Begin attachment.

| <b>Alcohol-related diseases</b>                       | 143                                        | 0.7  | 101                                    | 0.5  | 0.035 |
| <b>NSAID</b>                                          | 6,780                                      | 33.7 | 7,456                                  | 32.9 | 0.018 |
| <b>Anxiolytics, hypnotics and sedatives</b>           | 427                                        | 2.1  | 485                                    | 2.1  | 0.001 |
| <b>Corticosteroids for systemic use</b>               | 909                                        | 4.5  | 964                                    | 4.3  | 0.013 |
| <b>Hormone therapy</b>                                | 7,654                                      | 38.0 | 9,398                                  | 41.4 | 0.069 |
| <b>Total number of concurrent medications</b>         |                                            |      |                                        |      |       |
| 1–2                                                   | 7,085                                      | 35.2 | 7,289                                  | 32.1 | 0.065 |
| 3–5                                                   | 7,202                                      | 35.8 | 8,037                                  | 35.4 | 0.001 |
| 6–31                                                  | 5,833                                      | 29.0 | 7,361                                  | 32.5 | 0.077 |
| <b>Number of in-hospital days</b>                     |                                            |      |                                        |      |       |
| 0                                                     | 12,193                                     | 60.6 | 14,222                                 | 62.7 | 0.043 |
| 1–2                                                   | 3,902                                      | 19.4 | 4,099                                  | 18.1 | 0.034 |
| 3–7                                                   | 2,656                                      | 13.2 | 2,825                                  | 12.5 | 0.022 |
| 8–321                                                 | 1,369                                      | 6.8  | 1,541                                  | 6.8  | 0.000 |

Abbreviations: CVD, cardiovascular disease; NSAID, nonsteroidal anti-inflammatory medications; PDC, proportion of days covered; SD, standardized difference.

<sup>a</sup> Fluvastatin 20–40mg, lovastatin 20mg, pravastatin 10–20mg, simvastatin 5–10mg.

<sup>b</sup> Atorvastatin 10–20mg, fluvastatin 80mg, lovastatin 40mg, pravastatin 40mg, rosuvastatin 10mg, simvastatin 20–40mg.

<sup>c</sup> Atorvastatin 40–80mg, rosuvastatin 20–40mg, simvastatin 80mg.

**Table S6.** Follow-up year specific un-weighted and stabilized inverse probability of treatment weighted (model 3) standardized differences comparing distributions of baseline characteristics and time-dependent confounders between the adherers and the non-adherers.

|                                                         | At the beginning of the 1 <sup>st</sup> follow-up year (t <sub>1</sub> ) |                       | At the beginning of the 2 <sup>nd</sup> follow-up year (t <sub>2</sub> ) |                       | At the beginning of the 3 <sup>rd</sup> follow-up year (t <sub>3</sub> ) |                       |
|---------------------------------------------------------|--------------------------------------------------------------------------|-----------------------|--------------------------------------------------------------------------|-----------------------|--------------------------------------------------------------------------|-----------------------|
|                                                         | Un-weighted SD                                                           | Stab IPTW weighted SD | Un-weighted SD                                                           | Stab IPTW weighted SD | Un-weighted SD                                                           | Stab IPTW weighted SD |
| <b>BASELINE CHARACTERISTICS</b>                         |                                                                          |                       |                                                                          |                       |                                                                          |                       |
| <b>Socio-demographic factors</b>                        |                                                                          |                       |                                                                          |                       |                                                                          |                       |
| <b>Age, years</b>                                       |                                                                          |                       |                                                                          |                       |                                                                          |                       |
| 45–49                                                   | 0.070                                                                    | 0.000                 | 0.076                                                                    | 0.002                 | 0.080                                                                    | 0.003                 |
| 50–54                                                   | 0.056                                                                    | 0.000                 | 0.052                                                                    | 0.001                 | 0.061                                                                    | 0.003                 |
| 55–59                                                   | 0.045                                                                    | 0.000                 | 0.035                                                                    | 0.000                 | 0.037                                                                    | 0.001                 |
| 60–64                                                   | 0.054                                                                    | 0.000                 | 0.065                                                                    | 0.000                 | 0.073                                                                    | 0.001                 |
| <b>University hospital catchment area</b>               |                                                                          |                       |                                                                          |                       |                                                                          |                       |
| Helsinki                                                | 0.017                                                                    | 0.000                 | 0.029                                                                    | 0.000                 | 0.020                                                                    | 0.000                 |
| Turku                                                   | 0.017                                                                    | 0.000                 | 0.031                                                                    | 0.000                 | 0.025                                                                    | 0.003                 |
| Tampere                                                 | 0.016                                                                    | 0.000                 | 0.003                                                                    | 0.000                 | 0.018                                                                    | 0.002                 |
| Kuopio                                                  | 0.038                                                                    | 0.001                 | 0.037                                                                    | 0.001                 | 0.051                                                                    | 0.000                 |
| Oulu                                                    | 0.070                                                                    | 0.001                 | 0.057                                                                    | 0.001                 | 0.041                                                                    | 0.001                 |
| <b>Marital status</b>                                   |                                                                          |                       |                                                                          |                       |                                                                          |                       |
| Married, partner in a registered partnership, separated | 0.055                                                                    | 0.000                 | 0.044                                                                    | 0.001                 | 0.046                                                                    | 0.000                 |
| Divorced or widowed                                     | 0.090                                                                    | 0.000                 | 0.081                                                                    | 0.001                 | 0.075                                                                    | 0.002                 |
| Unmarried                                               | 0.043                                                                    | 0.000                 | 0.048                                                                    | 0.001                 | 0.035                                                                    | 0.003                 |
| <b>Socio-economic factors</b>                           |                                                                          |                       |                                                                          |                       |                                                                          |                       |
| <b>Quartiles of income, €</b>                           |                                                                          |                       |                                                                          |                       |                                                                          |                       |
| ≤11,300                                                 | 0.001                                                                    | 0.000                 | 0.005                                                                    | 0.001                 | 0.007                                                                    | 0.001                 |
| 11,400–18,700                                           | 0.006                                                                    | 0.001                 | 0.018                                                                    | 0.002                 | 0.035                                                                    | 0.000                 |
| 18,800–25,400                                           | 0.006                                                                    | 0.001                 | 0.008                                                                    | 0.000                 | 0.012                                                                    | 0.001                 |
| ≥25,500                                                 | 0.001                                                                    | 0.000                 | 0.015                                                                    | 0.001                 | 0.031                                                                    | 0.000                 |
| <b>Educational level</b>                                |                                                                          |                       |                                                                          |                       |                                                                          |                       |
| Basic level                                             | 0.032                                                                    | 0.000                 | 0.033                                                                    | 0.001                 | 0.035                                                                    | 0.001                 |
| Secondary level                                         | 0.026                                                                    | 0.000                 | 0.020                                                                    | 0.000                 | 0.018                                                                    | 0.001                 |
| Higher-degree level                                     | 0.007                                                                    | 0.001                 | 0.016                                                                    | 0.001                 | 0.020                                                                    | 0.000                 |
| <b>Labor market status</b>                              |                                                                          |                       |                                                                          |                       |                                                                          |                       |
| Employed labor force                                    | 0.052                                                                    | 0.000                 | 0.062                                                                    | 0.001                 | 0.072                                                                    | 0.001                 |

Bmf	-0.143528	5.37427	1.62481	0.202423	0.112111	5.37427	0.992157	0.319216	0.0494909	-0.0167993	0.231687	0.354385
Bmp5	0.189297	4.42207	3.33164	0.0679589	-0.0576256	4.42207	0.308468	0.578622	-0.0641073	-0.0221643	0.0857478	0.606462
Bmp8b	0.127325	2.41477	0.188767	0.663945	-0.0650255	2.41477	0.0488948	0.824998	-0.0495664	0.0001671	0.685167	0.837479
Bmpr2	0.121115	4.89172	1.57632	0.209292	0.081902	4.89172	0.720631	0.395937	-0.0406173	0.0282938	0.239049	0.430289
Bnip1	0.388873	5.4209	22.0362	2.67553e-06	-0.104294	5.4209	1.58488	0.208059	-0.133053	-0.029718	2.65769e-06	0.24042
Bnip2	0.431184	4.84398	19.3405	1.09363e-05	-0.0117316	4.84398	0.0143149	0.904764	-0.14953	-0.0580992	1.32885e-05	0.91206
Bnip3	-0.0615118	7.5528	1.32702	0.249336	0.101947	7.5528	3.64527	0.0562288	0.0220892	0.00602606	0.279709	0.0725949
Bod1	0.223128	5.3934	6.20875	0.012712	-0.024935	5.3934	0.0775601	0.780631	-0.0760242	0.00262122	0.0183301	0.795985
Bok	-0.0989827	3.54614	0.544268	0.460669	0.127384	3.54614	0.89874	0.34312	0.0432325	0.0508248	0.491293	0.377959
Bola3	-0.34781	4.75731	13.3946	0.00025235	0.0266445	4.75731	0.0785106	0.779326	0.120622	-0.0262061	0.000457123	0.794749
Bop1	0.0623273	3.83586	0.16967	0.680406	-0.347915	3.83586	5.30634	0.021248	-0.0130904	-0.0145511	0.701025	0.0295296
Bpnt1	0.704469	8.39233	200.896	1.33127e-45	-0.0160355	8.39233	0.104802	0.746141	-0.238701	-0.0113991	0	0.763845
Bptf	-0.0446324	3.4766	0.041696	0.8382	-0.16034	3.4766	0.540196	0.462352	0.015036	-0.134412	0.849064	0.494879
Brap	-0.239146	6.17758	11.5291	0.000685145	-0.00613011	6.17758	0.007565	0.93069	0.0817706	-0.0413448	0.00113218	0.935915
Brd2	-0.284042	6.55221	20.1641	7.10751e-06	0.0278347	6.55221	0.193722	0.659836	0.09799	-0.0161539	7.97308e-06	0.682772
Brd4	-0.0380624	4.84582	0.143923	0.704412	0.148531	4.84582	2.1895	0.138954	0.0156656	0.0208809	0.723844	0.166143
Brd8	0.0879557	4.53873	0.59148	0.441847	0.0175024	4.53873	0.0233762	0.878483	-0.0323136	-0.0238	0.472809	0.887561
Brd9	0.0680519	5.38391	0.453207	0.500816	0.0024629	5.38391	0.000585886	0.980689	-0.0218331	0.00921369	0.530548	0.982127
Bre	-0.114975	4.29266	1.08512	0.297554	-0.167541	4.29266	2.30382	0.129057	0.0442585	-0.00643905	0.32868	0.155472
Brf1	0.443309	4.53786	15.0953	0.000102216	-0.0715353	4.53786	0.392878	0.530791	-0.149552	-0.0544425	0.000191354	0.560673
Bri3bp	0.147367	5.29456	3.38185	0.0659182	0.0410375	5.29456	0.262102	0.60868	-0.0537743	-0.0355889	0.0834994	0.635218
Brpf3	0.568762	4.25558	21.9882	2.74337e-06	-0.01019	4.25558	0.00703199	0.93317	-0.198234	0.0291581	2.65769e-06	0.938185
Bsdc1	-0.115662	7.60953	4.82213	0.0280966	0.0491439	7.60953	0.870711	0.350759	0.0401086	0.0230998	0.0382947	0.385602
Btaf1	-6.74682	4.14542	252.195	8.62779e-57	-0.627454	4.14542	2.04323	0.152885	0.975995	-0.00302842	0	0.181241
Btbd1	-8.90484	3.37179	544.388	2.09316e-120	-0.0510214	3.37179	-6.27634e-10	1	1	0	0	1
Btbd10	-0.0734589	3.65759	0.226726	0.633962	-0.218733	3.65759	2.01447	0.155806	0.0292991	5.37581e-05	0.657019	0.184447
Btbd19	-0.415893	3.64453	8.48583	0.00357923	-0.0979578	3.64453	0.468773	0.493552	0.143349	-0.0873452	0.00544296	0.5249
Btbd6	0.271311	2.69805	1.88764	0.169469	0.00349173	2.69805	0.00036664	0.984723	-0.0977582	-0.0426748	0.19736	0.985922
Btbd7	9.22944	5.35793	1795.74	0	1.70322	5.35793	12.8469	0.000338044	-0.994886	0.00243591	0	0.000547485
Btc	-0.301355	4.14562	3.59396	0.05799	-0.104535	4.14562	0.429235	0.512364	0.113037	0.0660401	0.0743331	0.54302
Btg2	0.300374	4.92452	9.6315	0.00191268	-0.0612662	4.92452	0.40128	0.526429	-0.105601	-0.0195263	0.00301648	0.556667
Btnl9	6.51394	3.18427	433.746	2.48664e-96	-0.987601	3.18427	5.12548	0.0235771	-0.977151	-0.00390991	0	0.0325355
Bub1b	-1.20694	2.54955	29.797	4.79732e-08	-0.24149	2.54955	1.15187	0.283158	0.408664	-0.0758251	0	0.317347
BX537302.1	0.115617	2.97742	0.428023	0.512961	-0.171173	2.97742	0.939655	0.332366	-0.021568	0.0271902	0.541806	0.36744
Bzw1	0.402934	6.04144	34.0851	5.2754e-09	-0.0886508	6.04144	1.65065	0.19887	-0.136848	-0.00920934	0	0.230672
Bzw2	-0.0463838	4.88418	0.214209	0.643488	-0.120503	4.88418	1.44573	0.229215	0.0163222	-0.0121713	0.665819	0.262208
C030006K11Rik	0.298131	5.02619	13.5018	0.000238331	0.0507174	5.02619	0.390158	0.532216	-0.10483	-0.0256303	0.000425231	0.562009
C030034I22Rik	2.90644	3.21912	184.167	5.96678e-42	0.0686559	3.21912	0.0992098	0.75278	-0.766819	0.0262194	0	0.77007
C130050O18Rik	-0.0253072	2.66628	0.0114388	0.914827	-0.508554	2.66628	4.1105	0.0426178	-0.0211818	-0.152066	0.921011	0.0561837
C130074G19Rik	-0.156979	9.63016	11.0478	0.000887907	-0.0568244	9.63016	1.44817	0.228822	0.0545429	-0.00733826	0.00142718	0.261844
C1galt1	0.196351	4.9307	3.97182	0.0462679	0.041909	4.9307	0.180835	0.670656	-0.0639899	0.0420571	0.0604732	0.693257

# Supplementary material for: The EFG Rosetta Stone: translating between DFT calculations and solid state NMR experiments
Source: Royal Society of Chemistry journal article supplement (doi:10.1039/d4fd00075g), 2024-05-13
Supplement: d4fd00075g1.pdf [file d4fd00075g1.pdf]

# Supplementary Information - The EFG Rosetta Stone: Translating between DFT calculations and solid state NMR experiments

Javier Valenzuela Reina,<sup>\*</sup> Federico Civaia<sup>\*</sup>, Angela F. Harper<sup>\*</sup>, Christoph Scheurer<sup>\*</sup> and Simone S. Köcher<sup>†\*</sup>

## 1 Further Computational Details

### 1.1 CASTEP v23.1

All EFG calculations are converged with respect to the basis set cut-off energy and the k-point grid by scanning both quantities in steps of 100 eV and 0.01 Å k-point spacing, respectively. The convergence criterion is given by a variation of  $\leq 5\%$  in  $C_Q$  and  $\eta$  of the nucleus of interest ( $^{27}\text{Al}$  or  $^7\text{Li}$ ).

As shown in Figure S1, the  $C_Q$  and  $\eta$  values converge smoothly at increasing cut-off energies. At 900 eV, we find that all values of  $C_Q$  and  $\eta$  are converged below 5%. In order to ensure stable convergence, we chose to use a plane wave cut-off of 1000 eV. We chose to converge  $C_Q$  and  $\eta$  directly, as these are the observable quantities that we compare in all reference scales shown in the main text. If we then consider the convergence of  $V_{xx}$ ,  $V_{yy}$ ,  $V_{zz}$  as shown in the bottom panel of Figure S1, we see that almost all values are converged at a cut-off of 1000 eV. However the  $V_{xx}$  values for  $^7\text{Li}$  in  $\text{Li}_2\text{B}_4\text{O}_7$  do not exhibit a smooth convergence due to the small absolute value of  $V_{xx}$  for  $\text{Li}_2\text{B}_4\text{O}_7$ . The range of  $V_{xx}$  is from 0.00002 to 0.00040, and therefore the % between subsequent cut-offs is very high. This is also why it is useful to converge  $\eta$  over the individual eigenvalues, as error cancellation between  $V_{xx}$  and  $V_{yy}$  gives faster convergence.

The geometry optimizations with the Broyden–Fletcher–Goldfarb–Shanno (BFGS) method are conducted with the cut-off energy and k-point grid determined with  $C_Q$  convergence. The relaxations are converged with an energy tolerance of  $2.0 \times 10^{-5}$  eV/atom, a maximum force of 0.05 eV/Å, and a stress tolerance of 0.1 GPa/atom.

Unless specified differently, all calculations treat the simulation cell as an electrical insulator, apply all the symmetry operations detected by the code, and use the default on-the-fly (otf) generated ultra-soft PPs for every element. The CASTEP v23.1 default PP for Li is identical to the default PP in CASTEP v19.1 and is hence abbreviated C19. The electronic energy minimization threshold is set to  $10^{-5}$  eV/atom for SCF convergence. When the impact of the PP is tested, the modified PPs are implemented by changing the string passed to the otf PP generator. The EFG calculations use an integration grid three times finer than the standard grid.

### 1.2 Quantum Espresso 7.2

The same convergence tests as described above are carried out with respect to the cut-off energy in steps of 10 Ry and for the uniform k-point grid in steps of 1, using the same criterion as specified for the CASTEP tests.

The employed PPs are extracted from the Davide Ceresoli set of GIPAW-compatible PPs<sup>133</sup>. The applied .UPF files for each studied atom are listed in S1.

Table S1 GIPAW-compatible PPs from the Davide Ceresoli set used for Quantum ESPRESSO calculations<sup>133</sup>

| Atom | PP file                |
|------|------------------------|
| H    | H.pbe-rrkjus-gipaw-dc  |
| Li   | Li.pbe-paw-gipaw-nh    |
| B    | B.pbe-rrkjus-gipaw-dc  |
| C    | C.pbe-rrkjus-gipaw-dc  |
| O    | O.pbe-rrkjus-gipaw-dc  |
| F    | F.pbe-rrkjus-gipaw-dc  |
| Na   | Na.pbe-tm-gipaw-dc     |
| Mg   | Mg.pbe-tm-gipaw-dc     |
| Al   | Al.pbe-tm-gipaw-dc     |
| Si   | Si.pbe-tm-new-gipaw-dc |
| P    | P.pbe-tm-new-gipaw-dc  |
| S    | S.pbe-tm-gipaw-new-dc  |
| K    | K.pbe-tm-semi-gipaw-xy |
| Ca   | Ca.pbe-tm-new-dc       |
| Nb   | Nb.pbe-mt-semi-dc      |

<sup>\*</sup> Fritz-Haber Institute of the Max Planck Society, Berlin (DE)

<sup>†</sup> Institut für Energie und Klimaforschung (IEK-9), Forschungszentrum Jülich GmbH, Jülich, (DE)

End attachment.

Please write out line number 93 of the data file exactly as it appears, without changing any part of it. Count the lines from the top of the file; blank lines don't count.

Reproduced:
# Supplementary material for: The EFG Rosetta Stone: translating between DFT calculations and solid state NMR experiments